Today, March 28, 2007, the courts finally follow the law and put a stop to the killing of horses in the U.S. for human consumption overseas!


Washington, D.C. (March 28, 2007 1:00 PM PDT) - In a 51-page opinion issued just hours ago, United States District Court Judge Colleen Kollar-Kotelly held that the slaughter of horses in America violates federal law. In her opinion, issued in response to a lawsuit filed in February 2006 by the Society for Animal Protective Legislation (SAPL) and other humane organizations and individuals, Judge Kollar-Kotelly ruled that the U.S. Department of Agriculture (USDA) violated the National Environmental Policy Act by failing to conduct an environmental impact review of its decision to allow the continuation of horse slaughter.

"Tonight, after years of legislation and litigation, America's three horse slaughterhouses can no longer kill horses for human consumption,"� states Chris Heyde, deputy legislative director for the Society for Animal Protective Legislation. "We call on Illinois-based Cavel International to work with the humane and rescue communities to find permanent safe homes for the hundreds of horses who were slated for slaughter, to give them a second chance at life."

The rule that was vacated by the court, was promulgated by the USDA's Food Safety and Inspection Service to create a fee-for-service inspection process for horses slaughtered for human consumption. The rule circumvented a Congressionally approved amendment to the FY 2006 Agricultural Appropriations Act that cut federal funding for the required inspections. Because of continuing resolutions approved by Congress to fund the government, today's ruling is effective immediately.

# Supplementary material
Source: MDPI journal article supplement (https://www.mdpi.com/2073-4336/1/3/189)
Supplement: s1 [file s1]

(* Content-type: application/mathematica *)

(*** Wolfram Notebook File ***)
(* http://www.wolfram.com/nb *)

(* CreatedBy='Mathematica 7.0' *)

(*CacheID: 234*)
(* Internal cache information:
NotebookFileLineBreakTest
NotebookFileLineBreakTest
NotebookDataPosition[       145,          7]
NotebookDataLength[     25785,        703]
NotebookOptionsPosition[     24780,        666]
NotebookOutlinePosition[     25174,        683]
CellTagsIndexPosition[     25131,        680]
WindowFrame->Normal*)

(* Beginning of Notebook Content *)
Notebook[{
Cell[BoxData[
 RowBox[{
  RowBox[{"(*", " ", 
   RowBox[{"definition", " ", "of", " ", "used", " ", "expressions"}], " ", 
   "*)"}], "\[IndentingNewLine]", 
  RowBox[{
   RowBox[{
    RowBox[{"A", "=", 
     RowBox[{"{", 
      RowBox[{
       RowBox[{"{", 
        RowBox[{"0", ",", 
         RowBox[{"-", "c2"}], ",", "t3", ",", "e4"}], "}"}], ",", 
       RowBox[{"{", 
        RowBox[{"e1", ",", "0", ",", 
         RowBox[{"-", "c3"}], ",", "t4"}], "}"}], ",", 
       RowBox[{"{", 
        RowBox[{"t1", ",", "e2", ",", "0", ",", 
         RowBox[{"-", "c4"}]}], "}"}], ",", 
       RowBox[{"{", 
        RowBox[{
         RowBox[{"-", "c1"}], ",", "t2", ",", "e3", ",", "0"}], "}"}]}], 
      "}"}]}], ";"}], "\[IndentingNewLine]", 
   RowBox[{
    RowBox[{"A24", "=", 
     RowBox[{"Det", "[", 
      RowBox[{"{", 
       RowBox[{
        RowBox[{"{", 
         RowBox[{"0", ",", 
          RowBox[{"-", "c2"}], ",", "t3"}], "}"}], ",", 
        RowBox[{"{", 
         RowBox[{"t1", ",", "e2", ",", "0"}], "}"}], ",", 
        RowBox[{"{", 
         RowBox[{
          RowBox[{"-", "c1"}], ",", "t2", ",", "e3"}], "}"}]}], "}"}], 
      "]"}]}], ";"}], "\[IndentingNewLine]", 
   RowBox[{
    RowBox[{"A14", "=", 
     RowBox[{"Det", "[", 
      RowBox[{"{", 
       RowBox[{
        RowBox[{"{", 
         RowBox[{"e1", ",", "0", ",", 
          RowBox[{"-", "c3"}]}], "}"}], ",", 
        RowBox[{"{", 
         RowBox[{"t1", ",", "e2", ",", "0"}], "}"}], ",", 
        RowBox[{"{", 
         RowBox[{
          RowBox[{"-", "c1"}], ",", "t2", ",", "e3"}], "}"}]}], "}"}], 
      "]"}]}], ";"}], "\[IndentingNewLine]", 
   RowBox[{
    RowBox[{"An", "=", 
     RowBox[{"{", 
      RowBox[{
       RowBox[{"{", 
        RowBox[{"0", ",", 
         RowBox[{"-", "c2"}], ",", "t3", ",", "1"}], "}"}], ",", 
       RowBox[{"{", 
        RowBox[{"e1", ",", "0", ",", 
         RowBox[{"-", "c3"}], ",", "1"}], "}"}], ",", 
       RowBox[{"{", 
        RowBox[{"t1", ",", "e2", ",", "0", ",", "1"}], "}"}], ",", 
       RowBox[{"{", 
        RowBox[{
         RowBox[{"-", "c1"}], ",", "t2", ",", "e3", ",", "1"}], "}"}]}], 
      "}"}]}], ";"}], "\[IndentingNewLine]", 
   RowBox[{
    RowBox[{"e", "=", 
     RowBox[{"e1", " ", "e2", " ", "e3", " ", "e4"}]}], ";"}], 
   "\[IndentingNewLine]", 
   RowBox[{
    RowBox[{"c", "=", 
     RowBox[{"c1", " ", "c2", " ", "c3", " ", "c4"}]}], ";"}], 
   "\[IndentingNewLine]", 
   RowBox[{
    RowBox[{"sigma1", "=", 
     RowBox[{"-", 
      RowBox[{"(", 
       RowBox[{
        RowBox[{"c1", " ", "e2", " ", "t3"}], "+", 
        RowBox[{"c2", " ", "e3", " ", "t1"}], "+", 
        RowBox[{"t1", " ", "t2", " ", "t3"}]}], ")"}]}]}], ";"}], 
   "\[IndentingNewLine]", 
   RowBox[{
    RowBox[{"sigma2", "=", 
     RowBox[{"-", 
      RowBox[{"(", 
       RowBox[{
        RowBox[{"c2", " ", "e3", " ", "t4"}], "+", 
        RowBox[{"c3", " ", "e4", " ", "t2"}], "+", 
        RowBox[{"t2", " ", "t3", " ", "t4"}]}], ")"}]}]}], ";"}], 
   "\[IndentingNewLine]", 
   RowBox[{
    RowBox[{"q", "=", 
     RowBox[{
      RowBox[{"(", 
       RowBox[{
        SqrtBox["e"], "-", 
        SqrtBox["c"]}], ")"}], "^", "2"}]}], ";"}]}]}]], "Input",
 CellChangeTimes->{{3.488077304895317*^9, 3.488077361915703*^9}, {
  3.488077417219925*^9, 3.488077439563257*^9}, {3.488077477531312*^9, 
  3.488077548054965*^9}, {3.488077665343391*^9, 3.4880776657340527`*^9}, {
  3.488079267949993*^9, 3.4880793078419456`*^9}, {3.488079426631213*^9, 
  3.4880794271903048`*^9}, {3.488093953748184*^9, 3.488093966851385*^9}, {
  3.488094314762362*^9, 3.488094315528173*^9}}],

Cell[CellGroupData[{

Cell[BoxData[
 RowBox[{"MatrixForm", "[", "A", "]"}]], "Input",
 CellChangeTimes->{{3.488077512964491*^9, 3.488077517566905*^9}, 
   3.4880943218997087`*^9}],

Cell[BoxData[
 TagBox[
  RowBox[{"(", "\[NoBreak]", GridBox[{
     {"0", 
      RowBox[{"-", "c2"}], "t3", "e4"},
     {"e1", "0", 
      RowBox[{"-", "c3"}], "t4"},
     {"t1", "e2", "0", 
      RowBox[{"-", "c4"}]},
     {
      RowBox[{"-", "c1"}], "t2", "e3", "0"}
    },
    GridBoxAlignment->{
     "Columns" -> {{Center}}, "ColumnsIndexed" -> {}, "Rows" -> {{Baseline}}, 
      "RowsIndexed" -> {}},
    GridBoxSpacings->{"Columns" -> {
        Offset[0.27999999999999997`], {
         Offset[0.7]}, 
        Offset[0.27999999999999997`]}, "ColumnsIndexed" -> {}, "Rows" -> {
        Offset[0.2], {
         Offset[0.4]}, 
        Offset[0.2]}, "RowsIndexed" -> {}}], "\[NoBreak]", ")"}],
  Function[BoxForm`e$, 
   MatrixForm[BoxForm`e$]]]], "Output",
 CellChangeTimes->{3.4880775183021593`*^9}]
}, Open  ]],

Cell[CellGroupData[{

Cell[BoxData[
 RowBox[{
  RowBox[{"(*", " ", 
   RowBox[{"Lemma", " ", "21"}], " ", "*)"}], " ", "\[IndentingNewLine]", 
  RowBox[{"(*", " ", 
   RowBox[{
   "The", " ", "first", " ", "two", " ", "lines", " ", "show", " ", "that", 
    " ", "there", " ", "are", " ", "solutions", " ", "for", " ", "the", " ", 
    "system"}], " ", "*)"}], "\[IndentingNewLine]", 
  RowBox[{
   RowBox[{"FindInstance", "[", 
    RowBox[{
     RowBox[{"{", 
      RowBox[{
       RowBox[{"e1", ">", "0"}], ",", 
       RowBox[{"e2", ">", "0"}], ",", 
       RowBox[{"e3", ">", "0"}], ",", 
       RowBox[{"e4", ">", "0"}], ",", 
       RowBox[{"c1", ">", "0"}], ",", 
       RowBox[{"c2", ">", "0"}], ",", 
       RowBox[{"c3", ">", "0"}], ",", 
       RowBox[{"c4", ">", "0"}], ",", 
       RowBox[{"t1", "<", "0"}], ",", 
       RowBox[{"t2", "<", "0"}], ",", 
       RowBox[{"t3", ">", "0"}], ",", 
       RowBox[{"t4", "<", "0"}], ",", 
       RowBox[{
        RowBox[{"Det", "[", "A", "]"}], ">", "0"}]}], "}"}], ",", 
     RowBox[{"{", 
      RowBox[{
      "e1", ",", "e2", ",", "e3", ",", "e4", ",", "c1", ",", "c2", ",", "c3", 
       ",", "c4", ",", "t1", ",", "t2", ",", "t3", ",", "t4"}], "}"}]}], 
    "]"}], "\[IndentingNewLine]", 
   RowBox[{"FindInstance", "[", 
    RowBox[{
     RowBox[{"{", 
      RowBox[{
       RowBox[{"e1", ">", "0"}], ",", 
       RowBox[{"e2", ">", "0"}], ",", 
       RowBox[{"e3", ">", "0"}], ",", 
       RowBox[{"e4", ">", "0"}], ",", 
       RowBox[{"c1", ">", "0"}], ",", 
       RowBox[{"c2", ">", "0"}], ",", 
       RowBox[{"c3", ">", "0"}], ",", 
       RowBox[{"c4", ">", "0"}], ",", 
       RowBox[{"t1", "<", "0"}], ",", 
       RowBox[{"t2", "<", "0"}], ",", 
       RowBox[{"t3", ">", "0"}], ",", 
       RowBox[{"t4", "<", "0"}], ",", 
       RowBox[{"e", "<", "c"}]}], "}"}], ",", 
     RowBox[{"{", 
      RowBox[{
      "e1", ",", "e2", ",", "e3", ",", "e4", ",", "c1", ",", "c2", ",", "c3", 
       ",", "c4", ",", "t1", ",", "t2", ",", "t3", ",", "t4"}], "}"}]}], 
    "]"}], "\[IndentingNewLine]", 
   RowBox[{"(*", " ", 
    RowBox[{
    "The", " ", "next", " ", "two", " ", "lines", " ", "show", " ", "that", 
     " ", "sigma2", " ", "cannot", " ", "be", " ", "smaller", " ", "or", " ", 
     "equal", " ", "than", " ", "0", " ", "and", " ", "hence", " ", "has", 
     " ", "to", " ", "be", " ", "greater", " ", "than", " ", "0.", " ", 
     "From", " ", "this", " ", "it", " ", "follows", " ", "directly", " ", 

There are three horse slaughterhouses in America, one in Illinois and two in Texas. Though the Texas plants were recently forced to stop slaughtering horses for human consumption when an appellate court upheld a Texas law making it illegal to sell, possess and transport horsemeat for sale for human consumption, the Illinois plant has been killing approximately 1,000 horses per week.

"The American public has overwhelmingly opposed the slaughter of America's horses for human consumption and now the courts have declared horse slaughter to be illegal,"� adds Heyde. "While horses will no longer be butchered in the U.S. they can be hauled under appalling conditions to a similarly brutal death in plants across the U.S. border. Congress must pass federal legislation to extend the protections to all horses and to send a clear message to those few who profit from this barbaric trade."

Currently pending in Congress are H.R. 503 and its Senate companion measure, S. 311, which would ban the slaughter of horses for human consumption and prohibit the transport of horses outside of the United States for slaughter.

The Society for Animal Protective Legislation, the Animal Welfare Institute's legislative arm, is the unsurpassed leader in obtaining laws to benefit animals in need, including the protection of domestic and wild horses.